Popcorn. Brownies and cookies. Animal-shaped gummy candies. What could be wrong with enjoying a few of these treats for an afternoon or evening snack? Nothing…as long as you know whether they are “medibles” (marijuana edibles). Not knowing whether your snack is a medible or not knowing how to use medibles can spell disaster.
The active ingredient in medibles is delta-9-tetrahydrocannabinol (THC, the main psychoactive ingredient in marijuana). If you’ve never smoked or eaten pot but are in a position to legally try it, or if you keep such products in the house or are intending to give them as gifts, there are a few things you must know for your safety and the safety of others.
I reached out to Rachel O’Bryan, JD, attorney and founding member of Smart Colorado, a citizen-led nonprofit organization that advocates for strict regulation of marijuana products, to get her insights on what people should know about marijuana edibles before they take that first bite.
DRUGS DISGUISED AS SNACKS
Medibles generally range from baked goods and candies to beverages. Because the amount of THC can vary, it’s easy to ingest more than you intended. Even small amounts can deliver an intense high since these products are made with concentrated marijuana oil (almost pure THC) derived from today’s marijuana that is cultivated to be two to seven times stronger than it was back in the 1970s.
The strength of the marijuana edible is one problem. Another is that, because of several variables, such as body weight and composition, when and what you last ate or drank and the fat and carbohydrate mix in the product, there’s no way of knowing when you’ll feel the “hit.” It may be several hours after you’ve eaten the medible. This delay leads many people—particularly the inexperienced—to do something called “stacking.” This is when a person eats one serving of a medible, feels nothing and eats another and perhaps another until multiple servings of THC hit his or her system at once. “The result can be unpleasant at best, causing nausea, nonstop vomiting, agitation, paranoia and increased heart and pulse rate,” O’Bryan said. “At worst, stacking medibles can be disastrous, resulting in acute psychosis and hallucinations.” Children who ingest these products may experience difficulty walking, extreme sleepiness and respiratory problems that require immediate medical care.
HIDING IN PLAIN SIGHT
Both Colorado and Washington State, where recreational marijuana use is now legal, require that medible packaging list the total milligrams of THC, the serving size and the number of servings. In Colorado, the packaging also has to carry a warning that the product is for adults age 21 and older and should be kept out of reach of children. This may all be very useful for inexperienced users who actually bother to read labels and follow directions, but what happens once medible treats are removed from their packaging? It’s then impossible to tell whether that piece of cake, batch of cookies or pair of chocolate bon bons on a counter, in the fridge or even left behind in a hotel room contain THC. Instances of unintended ingestion by adults, children and pets are becoming an increasingly serious problem where medibles are available, said O’Bryan. So how to do it right, as they say?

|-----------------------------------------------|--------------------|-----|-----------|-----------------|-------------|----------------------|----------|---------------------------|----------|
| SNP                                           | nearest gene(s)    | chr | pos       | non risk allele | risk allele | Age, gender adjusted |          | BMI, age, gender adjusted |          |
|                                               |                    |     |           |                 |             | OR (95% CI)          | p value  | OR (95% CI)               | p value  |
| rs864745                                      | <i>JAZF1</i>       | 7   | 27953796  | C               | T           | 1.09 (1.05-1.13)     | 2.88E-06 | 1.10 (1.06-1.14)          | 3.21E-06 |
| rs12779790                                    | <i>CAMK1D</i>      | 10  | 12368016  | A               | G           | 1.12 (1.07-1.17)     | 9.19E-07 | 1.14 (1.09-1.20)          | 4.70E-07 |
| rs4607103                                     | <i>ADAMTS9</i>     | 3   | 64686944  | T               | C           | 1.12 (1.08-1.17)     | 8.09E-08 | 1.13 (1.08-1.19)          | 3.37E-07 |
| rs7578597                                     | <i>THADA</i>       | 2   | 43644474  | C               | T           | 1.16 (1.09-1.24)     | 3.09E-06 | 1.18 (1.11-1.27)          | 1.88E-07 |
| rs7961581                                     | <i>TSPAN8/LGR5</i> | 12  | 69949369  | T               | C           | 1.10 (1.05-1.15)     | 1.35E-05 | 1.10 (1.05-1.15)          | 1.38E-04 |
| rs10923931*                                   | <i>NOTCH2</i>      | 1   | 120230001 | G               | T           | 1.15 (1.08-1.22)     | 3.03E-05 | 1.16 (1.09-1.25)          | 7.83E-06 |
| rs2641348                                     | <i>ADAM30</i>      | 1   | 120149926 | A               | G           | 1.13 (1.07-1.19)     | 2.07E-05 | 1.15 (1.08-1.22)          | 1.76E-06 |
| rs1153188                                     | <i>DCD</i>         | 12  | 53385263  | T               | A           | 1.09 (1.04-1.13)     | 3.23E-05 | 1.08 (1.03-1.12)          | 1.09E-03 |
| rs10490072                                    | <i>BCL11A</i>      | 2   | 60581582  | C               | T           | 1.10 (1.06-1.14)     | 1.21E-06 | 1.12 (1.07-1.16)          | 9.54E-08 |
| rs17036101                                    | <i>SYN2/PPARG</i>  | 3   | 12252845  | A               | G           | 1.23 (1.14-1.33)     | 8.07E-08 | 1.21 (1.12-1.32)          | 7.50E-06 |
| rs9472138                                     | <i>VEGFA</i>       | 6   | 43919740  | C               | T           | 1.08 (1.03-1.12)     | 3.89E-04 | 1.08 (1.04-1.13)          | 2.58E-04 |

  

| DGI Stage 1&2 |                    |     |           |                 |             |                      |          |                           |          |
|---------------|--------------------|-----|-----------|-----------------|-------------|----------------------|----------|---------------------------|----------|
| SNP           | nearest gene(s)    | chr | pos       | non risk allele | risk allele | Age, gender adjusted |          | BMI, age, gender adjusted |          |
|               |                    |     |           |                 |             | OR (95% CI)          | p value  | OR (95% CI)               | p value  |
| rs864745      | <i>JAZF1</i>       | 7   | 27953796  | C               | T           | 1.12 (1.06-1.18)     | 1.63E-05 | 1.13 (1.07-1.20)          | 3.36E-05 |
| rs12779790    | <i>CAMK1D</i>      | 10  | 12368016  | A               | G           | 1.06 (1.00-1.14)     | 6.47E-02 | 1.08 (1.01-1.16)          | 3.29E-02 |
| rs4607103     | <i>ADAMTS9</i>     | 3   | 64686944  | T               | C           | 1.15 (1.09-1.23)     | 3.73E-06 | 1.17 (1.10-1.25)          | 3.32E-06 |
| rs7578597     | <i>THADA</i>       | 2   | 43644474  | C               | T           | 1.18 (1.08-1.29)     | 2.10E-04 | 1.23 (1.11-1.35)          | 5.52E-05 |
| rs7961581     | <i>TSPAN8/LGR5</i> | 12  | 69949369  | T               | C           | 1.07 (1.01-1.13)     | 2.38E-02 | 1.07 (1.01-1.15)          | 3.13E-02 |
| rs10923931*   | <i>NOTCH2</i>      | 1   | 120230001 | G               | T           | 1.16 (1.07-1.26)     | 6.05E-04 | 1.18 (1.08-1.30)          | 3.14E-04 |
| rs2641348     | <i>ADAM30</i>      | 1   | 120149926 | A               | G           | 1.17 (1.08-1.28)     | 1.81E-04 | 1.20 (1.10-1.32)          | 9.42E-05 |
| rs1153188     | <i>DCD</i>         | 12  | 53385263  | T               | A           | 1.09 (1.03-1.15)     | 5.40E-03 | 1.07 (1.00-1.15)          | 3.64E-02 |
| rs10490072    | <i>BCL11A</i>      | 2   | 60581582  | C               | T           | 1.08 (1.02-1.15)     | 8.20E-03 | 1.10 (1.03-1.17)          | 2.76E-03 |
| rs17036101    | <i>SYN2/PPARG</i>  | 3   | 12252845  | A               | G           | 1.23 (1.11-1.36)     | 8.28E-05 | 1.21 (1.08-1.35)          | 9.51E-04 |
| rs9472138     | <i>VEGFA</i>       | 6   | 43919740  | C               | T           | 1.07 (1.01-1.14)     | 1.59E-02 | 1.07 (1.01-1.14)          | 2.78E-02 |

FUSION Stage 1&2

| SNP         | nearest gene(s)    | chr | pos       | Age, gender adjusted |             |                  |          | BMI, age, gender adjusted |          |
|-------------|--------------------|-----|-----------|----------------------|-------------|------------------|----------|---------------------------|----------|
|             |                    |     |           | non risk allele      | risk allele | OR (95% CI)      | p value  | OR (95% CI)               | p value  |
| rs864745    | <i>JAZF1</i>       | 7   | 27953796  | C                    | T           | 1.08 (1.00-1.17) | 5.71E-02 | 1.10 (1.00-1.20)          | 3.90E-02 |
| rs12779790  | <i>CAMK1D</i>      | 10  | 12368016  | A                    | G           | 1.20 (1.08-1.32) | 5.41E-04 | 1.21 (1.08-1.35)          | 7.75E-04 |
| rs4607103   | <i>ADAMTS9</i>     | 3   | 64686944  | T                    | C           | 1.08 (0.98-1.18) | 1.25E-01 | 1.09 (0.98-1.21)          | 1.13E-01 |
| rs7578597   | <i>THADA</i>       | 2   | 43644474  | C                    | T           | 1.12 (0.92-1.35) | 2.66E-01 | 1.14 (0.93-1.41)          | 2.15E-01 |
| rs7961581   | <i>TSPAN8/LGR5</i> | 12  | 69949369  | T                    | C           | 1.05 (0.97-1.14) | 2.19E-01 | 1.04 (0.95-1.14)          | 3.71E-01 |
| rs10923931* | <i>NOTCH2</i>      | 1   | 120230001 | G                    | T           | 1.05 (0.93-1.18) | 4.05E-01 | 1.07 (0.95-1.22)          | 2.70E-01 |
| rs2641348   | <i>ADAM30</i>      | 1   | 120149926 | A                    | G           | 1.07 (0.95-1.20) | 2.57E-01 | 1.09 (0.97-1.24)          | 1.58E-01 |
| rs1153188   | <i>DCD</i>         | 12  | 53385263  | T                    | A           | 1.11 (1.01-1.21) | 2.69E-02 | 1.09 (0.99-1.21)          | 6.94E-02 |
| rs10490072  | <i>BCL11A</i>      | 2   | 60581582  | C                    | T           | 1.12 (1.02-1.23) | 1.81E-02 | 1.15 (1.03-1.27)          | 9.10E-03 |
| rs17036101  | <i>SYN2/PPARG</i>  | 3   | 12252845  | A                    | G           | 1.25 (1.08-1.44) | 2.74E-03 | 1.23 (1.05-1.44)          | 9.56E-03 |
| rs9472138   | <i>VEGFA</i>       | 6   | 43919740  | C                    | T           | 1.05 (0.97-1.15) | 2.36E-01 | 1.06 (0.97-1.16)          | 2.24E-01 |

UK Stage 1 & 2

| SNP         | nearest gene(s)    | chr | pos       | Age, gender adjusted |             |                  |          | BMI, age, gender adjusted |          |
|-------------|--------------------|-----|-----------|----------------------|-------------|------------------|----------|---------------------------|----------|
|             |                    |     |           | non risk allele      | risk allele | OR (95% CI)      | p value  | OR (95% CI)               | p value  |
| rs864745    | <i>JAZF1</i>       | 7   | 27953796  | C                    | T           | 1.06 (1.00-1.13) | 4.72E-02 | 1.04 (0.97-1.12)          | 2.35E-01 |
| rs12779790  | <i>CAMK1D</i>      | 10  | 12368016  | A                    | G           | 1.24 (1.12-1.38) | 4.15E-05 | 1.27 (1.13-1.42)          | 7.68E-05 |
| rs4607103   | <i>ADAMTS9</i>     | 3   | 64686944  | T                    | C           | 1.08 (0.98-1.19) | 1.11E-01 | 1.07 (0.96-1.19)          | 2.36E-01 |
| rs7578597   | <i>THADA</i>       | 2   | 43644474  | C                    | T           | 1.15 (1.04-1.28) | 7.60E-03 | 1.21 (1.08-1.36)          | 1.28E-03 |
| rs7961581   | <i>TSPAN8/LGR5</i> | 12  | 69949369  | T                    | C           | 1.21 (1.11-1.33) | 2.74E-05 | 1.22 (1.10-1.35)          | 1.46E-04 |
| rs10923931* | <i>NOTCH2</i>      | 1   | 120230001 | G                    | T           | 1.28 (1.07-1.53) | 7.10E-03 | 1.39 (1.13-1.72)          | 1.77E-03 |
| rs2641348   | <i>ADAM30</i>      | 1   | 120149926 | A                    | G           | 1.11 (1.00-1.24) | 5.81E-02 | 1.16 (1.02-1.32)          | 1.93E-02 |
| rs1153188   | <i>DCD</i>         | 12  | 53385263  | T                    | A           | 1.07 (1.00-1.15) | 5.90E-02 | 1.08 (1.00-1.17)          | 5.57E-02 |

SAFE AND SECURE
For those planning on adding medibles to their pantry or fridge, here are important safety guidelines—after all, marijuana is a drug and, like alcohol and pharmaceutical and naturopathic drugs, it needs to be stored carefully and used responsibly.
For one, it should go without saying that the medible should be stored in its wrapper or otherwise labeled as a marijuana edible unless you are absolutely, positively sure no one is going to mistakenly eat your treat.
Store medibles in a place where kids and pets can’t get to them, and if your medibles require refrigeration, consider buying a separate small refrigerator to keep them apart from regular foods. Folks keep wine in wine refrigerators and alcohol in liquor cabinets, don’t they? So why shouldn’t pot edibles be kept in a space exclusively dedicated to their safe storage?
Visitors? Party guests? If you intend to serve food laced with marijuana, don’t display them on the same table or counter as other foods. Instead, keep them separate and clearly labeled to prevent accidental ingestion. Even if you and your friends are experienced users and are convinced that marijuana is perfectly safe, know that it is not safe for everyone. So, again, err on the side of caution and provide full disclosure to guests about what’s on the menu to avoid a potentially calamitous situation.
As for vacationers to Colorado and Washington State who are thinking of bringing back a “grass” gummie bear as a souvenir from their trip out west, they should probably think again, warned O’Bryan. “The bottom line is that these products remain illegal in most states.” Transporting marijuana products out of Colorado or Washington State can put you at risk for federal or state charges. And that would definitely qualify as a “bad trip!”